Rainbow adds, “We love southeast Idaho. This is our home and we love raising our families here. We aren’t trying to reinvent the wheel. The idea of kindness is timeless, especially in our amazing community, and we are working together to bring it to the foreground.”
A spotlight on kindness will shine brightly on Monday evening at the Kind Community Kick-Off celebration, slated at the new wellness complex on Olympus and Chubbuck Road. This free community celebration features mini-clinics and wellness activities for both kids and adults led by ISU student athletes and local businesses, from rock climbing and aerial yoga to paddle boarding, canoeing, and a Ninja Warrior-inspired obstacle course. The evening’s entertainment features a sneak peek of Mystique Theater’s The Addam’s Family, a Musical comedy, performances by the ISU Children’s Chorus and Brindusa Moore Ballet Academy, live music by Kyd J, food for purchase by Efresh, and a Keynote address by Stand Up America’s, Derrick Boles.
Derrick Boles is a former Idaho State student athlete who has come to be recognized as one of the most dynamic speakers in the country. His talks tackle the fundamental character of our culture and he speaks to the core of Kind Community. If we want positive things to happen, we have to Stand Up and be that positivity.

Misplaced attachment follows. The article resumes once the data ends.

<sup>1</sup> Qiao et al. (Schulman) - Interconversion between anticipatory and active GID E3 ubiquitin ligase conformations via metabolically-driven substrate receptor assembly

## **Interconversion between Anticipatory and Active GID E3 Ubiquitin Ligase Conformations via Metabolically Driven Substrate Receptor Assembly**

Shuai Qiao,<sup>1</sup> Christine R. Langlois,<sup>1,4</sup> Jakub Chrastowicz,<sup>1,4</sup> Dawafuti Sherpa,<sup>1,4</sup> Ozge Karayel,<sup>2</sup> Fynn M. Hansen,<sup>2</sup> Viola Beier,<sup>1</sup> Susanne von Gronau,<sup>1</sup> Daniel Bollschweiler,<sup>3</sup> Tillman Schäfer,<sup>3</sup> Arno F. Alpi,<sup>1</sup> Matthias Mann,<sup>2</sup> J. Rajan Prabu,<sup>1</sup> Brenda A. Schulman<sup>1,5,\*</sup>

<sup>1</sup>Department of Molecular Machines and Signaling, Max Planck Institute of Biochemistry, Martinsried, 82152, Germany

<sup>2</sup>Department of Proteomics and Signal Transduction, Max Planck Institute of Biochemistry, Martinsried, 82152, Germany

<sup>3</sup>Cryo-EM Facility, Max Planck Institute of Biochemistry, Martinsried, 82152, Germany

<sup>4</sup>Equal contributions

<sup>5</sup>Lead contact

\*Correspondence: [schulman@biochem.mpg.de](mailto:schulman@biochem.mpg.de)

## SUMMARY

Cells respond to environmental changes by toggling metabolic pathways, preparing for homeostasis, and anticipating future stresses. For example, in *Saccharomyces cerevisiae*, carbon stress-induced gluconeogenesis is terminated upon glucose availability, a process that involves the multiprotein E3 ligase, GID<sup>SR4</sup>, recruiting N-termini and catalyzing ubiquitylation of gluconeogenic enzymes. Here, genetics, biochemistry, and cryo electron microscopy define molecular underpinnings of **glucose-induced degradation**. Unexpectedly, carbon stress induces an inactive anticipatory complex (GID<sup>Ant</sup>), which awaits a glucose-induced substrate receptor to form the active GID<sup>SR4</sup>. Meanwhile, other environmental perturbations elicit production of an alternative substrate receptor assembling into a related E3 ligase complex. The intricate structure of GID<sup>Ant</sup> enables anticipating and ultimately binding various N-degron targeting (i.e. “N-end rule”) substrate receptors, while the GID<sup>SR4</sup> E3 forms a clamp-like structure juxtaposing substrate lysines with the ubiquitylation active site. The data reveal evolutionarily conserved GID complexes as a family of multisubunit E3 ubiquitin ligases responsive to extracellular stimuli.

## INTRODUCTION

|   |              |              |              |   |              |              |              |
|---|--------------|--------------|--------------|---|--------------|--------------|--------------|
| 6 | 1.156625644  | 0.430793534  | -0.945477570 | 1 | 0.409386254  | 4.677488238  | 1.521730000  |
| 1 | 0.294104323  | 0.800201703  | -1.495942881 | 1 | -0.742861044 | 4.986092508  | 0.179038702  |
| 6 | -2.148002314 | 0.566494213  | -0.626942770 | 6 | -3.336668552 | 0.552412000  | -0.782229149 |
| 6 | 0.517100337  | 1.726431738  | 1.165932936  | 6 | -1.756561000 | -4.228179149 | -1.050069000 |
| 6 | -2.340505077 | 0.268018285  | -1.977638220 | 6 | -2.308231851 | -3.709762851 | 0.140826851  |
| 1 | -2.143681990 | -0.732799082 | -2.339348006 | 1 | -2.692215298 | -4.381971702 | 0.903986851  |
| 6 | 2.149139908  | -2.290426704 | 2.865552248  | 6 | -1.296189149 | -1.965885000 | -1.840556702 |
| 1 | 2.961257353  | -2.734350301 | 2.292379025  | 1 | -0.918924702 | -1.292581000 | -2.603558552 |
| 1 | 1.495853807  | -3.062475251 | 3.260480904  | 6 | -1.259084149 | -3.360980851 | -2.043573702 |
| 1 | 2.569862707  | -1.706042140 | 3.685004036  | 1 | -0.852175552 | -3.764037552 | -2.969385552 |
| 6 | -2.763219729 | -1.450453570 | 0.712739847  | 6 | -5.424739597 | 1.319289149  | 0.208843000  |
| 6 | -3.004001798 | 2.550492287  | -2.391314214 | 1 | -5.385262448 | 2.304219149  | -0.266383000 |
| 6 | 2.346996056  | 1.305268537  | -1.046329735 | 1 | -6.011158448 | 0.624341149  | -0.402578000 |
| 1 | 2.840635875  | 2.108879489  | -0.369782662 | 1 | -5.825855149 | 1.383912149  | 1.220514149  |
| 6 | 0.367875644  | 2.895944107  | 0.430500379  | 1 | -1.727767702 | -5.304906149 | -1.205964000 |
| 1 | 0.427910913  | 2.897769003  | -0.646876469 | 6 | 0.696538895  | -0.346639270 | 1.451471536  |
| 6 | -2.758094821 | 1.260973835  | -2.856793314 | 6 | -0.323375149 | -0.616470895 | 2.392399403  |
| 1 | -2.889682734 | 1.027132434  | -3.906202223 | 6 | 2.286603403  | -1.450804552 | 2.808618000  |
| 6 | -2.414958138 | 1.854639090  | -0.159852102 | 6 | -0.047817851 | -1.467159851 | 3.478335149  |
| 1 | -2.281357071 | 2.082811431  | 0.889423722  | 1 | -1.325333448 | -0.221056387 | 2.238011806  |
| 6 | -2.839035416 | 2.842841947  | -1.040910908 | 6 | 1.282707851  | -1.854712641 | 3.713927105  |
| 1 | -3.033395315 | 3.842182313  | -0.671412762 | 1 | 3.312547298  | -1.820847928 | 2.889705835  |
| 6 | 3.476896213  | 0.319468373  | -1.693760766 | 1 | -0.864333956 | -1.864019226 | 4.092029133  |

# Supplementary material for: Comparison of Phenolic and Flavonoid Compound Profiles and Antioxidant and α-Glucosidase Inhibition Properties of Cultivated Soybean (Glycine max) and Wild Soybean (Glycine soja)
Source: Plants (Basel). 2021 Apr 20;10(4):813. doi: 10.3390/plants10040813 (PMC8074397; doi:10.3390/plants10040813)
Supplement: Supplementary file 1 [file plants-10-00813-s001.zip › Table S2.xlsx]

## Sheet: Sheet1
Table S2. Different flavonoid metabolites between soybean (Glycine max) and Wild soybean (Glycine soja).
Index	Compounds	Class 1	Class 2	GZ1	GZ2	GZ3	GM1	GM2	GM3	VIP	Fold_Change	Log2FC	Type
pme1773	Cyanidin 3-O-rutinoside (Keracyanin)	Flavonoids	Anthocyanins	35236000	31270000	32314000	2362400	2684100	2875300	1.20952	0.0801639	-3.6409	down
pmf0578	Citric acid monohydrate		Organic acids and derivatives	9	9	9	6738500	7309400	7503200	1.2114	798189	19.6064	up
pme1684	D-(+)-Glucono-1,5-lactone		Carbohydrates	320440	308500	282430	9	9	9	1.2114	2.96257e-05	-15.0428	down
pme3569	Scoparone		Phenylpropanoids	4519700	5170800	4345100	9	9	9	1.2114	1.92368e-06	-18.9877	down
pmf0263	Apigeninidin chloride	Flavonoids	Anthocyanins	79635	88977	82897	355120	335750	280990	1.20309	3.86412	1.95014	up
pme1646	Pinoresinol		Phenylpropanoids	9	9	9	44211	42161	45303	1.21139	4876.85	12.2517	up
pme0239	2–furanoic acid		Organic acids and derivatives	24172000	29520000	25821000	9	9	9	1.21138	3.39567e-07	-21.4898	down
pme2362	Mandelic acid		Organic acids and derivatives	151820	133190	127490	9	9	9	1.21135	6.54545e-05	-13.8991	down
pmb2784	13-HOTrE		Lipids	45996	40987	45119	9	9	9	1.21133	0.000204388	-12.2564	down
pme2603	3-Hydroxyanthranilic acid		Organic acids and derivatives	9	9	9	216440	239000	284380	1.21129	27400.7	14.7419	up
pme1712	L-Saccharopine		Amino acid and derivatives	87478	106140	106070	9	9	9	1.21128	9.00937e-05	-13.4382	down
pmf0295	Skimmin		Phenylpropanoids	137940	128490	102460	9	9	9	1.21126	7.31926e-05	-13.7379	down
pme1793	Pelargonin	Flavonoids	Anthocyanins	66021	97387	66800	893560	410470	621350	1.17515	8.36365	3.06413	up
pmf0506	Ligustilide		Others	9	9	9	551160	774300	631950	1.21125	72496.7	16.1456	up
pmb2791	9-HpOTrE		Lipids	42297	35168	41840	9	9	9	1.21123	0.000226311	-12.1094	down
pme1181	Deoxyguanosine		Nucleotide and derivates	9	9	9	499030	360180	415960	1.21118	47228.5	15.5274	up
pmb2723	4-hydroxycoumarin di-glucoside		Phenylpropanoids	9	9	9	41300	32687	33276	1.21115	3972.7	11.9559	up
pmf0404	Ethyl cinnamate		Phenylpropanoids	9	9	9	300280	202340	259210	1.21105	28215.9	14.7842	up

The Kick-Off is a true celebration of Pocatello and Chubbuck and the individuals who live, work, play and go to school here. But the launch is just the beginning.
From a vision about a community that celebrates something as simple and beautiful as kindness, Kind Community has grown exponentially in just a few months because there is a prevailing urgency and motivation among us to create this type of positive, proactive engagement. The Kind Community collaborative has not only grown but thrived through the guidance, feedback and inspiration of our partners and sponsors as well as the administrators at School District 25 and the Mayors of both Pocatello and Chubbuck.
Last week at both City Council meetings, Mayor Blad and Mayor England read a proclamation signed by themselves as well as all three of the Bannock County commissioners that stated, “We, the undersigned, do hereby proclaim September 21 through 27, 2015 to be KIND COMMUNITY WEEK in Pocatello, Chubbuck and Bannock county and urge our citizens to be more than bystanders when it comes to kindness. Make the choice every day to be kind and integrate kindness into your daily lives. “
We are beyond happy to see our leaders making the choice to encourage kindness and support Kind Community. Becoming a part of the Kind Community collaborative isn’t a pledge toward perfection. It’s a commitment to celebrate diverse efforts to uphold and bolster a shared vision for creating and ensuring a Kind Community. Some might say it’s about time. We say, it’s about kind.
Billie Johnson of Pocatello holds a bachelor’s degree in engineering and a master’s degree from Idaho State University. She works as an engineer, is an avid community volunteer, and maintains a blog about her adventures in a cow suit at www.CowSuitSaturday.com.